Google announced the introduction of a series of product features and expansions aimed at helping address transportation and energy emissions, including the introduction of its Project Green Light, which uses AI to help cities reduce traffic emissions in 12 cities globally.
Green Light is a solution designed to reduce emissions that occur at traffic lights, which can be 29 times higher than on open roads. The solution uses AI and Google Maps-based driving trends to make recommendations for optimizing traffic light plans that city engineers can implement in as little as five minutes, using existing infrastructure. By optimizing several adjacent intersections to create waves of green lights, cities can improve traffic flow and reduce stop-and-go emissions.
The solution is now being used in 70 intersections in 12 cities, including Abu Dhabi, Bali, Bangalore, Budapest, Haifa, Hamburg, Hyderabad, Jakarta, Kolkata, Manchester, Rio de Janeiro and Seattle. Early numbers indicate a potential for up to 30% reduction in stops and up to 10% reduction in emissions at intersections.
According to Google, it is difficult and costly to acquire reliable data for traffic light optimization, so many city traffic engineers rely on outdated configurations. Without Green Light, much data came from expensive sensors or manual vehicle counts, which do not give engineers the needed information for key parameters.
Green Light is based on an AI model of each intersection including its structure, traffic patterns, light scheduling, and how traffic and light schedules interact and the interaction between traffic lights. It is capable of analyzing thousands of intersections simultaneously, improving the flow through multiple intersections in the city.
David Atkin, Transport for Greater Manchester said:
“Green Light identified opportunities where we previously had no visibility and directed engineers to where there were potential benefits in changing signal timings. This provided valuable insights for our city with 2,400 traffic signals. Both the Green Light and Transport for Greater Manchester teams brought expertise and ideas to the table to improve journeys and reduce emissions.”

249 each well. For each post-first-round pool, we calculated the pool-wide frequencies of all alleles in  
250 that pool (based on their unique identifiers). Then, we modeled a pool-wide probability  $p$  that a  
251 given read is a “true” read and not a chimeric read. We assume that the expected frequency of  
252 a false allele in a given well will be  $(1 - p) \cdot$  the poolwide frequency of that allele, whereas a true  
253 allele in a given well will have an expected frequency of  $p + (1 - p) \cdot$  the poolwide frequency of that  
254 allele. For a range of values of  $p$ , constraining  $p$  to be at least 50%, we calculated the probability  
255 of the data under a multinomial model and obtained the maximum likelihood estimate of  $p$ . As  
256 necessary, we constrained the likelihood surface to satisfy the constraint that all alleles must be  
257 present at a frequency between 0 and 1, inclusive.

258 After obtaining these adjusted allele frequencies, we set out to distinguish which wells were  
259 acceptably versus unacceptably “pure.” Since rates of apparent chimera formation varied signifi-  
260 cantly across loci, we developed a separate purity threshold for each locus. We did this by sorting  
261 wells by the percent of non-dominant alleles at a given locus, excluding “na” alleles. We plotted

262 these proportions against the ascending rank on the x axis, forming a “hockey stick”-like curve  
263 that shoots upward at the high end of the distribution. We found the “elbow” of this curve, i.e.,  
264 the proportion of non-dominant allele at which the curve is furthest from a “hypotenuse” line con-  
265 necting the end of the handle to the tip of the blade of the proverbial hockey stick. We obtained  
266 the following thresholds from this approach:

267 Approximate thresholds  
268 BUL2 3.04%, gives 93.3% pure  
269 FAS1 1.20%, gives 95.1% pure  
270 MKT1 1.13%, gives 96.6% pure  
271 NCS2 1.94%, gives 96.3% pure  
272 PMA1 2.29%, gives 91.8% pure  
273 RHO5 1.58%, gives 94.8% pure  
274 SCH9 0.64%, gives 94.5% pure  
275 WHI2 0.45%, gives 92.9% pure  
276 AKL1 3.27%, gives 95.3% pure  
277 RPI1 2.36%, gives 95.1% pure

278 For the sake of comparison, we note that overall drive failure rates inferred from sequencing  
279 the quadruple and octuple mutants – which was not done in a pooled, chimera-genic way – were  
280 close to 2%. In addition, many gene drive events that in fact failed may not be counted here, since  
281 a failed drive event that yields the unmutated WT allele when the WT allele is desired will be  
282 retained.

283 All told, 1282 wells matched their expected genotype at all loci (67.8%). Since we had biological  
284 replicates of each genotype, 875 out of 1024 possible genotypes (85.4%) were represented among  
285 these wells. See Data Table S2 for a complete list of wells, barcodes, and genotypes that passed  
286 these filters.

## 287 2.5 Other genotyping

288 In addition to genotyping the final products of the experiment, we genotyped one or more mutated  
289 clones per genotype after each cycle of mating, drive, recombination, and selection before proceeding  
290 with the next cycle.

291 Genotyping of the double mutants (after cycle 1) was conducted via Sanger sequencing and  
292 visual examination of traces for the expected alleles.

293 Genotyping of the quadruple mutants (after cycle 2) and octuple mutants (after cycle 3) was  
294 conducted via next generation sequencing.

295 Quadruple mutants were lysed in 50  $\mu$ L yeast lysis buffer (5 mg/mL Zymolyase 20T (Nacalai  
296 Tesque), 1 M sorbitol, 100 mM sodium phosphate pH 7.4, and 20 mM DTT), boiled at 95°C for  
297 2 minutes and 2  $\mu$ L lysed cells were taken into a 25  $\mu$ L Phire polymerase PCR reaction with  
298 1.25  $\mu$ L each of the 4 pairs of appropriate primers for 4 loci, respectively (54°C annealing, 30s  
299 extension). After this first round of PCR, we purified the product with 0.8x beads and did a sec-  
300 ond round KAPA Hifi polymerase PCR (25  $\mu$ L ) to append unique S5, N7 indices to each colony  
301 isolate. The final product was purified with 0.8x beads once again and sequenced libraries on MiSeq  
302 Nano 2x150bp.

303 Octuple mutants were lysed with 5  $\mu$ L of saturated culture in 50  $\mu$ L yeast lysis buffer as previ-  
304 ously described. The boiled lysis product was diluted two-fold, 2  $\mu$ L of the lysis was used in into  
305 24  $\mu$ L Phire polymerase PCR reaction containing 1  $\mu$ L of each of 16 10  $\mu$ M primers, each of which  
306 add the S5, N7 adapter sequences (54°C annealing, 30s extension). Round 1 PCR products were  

Google also said that it is planning to roll out fuel-efficient routing in Google Maps for India and Indonesia this year — adding to existing availability in the U.S., Canada, Europe and Egypt. Additionally, in these two new countries, the company is including fuel-efficient routes for two-wheelers to help even more people travel more sustainably.
Fuel-efficient routing uses AI to suggest routes that have fewer hills, less traffic, and constant speeds with the same or similar ETA. Since launching in October 2021, it’s estimated to have helped prevent more than 2.4 million metric tons of CO2e emissions — the equivalent of taking approximately 500,000 fuel-based cars off the road for a year.
Additional features announced by the company include helpin people find alternative sustainable modes of transportation, like rail, with new train route suggestions soon appearing on Search when looking for flights, or displaying public transit or walking suggestions when searching driving directions in Maps next to driving routes, if travel times are comparable and practical.
In a blog post announcing the sustainability-focused features, Google’s Chief Sustainability Officer Kate Brandt said:
“Responding to climate change calls for systemic, global action to transition to a sustainable future for everyone. But tackling a problem at the scale of climate change can seem intimidating.
“To help, we’re continuing to develop technology that can surface helpful information so people, cities and organizations can make more sustainable choices.”